Activism did not keep them out of the kitchen. Apparently, all were excellent cooks, as minutes of meetings recorded: “Helen served delicious chocolate cake,” “Eleanor served a tasty old-fashioned dessert of gingerbread and ice cream,” “Joy House (still a McMinnville resident) served a delicious peanut butter pie.”
Faithfully, the Telephone-Register recorded accounts of these meetings in almost every edition.
Those activists also realized the value of socializing. On Mother’s Day, they took themselves en masse to a movie: “Ma and Pa Kettle Back on the Farm.” They played Cootie at meetings. They had a hanky shower for a member who moved to Salem and mailed her hankies in envelopes. They entertained spouses at Randall’s Chuck Wagon, Salem, “heartily enjoyed the smorgasbord and after a feeble attempt to get the men to dance gave up and visited.” They chartered a bus to go to Dorchester House at the coast for dinner, but cancelled because some members feared getting carsick.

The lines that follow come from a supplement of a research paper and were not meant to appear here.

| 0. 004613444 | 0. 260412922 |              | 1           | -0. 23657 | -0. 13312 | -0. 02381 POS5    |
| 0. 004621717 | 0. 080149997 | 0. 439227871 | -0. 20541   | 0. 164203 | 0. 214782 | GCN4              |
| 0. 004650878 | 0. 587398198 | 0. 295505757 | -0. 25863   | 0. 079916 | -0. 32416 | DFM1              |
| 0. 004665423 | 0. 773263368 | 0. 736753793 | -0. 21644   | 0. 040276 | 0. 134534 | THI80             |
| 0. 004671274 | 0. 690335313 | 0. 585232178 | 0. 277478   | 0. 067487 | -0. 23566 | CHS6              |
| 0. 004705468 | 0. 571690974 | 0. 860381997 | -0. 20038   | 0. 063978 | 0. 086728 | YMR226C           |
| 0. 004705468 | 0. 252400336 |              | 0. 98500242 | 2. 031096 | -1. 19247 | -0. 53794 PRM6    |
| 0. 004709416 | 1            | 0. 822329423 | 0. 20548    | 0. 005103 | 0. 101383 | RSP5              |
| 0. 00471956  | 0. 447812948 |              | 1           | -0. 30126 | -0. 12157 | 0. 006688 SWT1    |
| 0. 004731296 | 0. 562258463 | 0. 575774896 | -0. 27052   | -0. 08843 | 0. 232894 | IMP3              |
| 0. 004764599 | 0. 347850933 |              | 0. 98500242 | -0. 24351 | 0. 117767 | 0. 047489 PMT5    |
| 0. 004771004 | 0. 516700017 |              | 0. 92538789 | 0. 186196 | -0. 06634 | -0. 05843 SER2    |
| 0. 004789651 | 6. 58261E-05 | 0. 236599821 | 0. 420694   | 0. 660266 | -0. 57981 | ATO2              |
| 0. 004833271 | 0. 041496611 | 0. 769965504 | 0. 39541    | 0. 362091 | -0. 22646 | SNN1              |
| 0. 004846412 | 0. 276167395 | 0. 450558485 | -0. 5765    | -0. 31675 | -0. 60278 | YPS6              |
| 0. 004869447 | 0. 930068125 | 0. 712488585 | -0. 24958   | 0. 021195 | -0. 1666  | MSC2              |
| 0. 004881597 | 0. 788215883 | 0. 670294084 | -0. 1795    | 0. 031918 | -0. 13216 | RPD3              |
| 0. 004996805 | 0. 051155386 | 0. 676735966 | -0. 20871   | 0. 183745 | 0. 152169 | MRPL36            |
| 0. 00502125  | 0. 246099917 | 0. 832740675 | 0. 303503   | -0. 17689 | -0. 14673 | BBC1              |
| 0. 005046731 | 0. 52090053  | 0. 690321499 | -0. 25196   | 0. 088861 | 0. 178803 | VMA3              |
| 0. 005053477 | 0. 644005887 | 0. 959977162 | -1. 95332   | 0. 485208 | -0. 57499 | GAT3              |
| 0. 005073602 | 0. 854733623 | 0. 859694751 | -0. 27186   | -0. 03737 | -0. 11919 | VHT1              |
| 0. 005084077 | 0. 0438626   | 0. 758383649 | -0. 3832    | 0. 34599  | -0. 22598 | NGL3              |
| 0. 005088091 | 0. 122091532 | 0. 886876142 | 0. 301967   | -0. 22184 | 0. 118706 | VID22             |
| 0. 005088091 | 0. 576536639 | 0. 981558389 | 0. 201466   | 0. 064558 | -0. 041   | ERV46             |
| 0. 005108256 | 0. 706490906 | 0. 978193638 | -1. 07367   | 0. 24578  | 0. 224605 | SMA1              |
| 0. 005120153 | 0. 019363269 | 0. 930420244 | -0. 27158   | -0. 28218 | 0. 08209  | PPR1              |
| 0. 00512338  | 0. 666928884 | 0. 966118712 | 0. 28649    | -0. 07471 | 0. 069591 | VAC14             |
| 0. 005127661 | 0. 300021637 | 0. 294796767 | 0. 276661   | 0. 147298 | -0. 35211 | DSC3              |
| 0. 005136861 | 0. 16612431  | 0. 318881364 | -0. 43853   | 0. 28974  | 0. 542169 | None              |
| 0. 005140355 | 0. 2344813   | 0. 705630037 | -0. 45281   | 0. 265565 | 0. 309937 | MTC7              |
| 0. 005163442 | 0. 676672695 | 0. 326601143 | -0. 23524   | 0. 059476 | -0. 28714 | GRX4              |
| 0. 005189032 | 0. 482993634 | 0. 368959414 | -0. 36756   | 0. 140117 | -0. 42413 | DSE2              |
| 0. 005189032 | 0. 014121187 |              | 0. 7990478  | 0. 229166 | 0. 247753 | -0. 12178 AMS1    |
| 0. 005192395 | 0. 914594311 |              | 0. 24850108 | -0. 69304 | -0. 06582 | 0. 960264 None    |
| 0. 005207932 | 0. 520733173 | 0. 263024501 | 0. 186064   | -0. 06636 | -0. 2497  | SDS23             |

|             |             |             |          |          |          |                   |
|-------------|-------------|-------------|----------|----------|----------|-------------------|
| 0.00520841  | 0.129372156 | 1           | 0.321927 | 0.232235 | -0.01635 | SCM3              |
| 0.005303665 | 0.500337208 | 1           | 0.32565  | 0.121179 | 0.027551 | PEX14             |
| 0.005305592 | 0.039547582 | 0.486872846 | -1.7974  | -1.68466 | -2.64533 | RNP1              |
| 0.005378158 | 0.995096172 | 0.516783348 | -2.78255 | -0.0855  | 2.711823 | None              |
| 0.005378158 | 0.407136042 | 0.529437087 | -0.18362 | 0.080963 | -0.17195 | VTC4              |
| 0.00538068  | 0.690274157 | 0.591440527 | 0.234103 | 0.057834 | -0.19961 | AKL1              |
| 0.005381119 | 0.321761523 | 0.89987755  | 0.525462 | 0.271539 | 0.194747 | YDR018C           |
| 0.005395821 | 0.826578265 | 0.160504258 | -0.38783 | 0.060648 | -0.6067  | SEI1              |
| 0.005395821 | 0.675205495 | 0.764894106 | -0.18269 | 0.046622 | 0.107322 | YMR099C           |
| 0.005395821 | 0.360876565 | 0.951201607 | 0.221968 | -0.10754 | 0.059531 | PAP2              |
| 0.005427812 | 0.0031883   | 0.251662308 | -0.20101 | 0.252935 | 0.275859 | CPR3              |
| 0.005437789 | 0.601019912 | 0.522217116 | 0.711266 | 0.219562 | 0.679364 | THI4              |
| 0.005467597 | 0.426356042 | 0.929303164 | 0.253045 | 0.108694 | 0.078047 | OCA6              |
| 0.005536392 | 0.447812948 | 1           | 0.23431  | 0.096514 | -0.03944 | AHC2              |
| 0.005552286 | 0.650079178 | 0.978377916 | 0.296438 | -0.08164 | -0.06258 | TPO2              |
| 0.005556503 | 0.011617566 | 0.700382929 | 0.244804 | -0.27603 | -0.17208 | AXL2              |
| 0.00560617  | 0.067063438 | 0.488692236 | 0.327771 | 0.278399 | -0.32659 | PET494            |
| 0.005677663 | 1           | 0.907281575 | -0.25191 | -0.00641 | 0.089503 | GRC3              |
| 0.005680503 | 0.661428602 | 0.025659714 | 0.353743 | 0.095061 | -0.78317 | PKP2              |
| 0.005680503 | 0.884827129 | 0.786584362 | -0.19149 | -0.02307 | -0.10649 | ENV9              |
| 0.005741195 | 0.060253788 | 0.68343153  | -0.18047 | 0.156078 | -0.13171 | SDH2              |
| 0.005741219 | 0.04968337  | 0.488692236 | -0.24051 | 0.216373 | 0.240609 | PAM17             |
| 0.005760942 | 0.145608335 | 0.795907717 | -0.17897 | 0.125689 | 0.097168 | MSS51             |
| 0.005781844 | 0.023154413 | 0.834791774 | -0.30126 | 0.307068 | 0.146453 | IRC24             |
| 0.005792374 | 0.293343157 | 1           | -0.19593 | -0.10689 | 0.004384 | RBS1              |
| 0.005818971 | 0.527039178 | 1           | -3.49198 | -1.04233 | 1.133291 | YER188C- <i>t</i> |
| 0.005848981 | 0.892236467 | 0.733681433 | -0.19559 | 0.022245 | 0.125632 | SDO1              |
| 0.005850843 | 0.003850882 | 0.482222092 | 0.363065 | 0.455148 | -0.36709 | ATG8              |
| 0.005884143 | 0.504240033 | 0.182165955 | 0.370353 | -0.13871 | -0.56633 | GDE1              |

Their families grew. Member Jean won kudos for timing her son’s birth without ever missing a meeting. Minutes frequently noted such as, “It’s a girl for Gene and Grace,” “It’s a boy for Anne and Jerry.”
They grew older. They reported grandchildren. Membership declined. Chapters disbanded.
But not the Mary Chapter. Its members continued meeting — not wanting to end the friendships they made over the years. In 1990, at Michelbook, they held a 50th anniversary event, and five of the original 16 members attended. McMinnvillan Bernice Brown was one of Mary Chapter’s charter members.
And so McMinnville’s “activist” group — activists because they were active — is no more, but our community will long experience benefits of what Junior Matrons accomplished.
Elaine Rohse can be reached at email@example.com.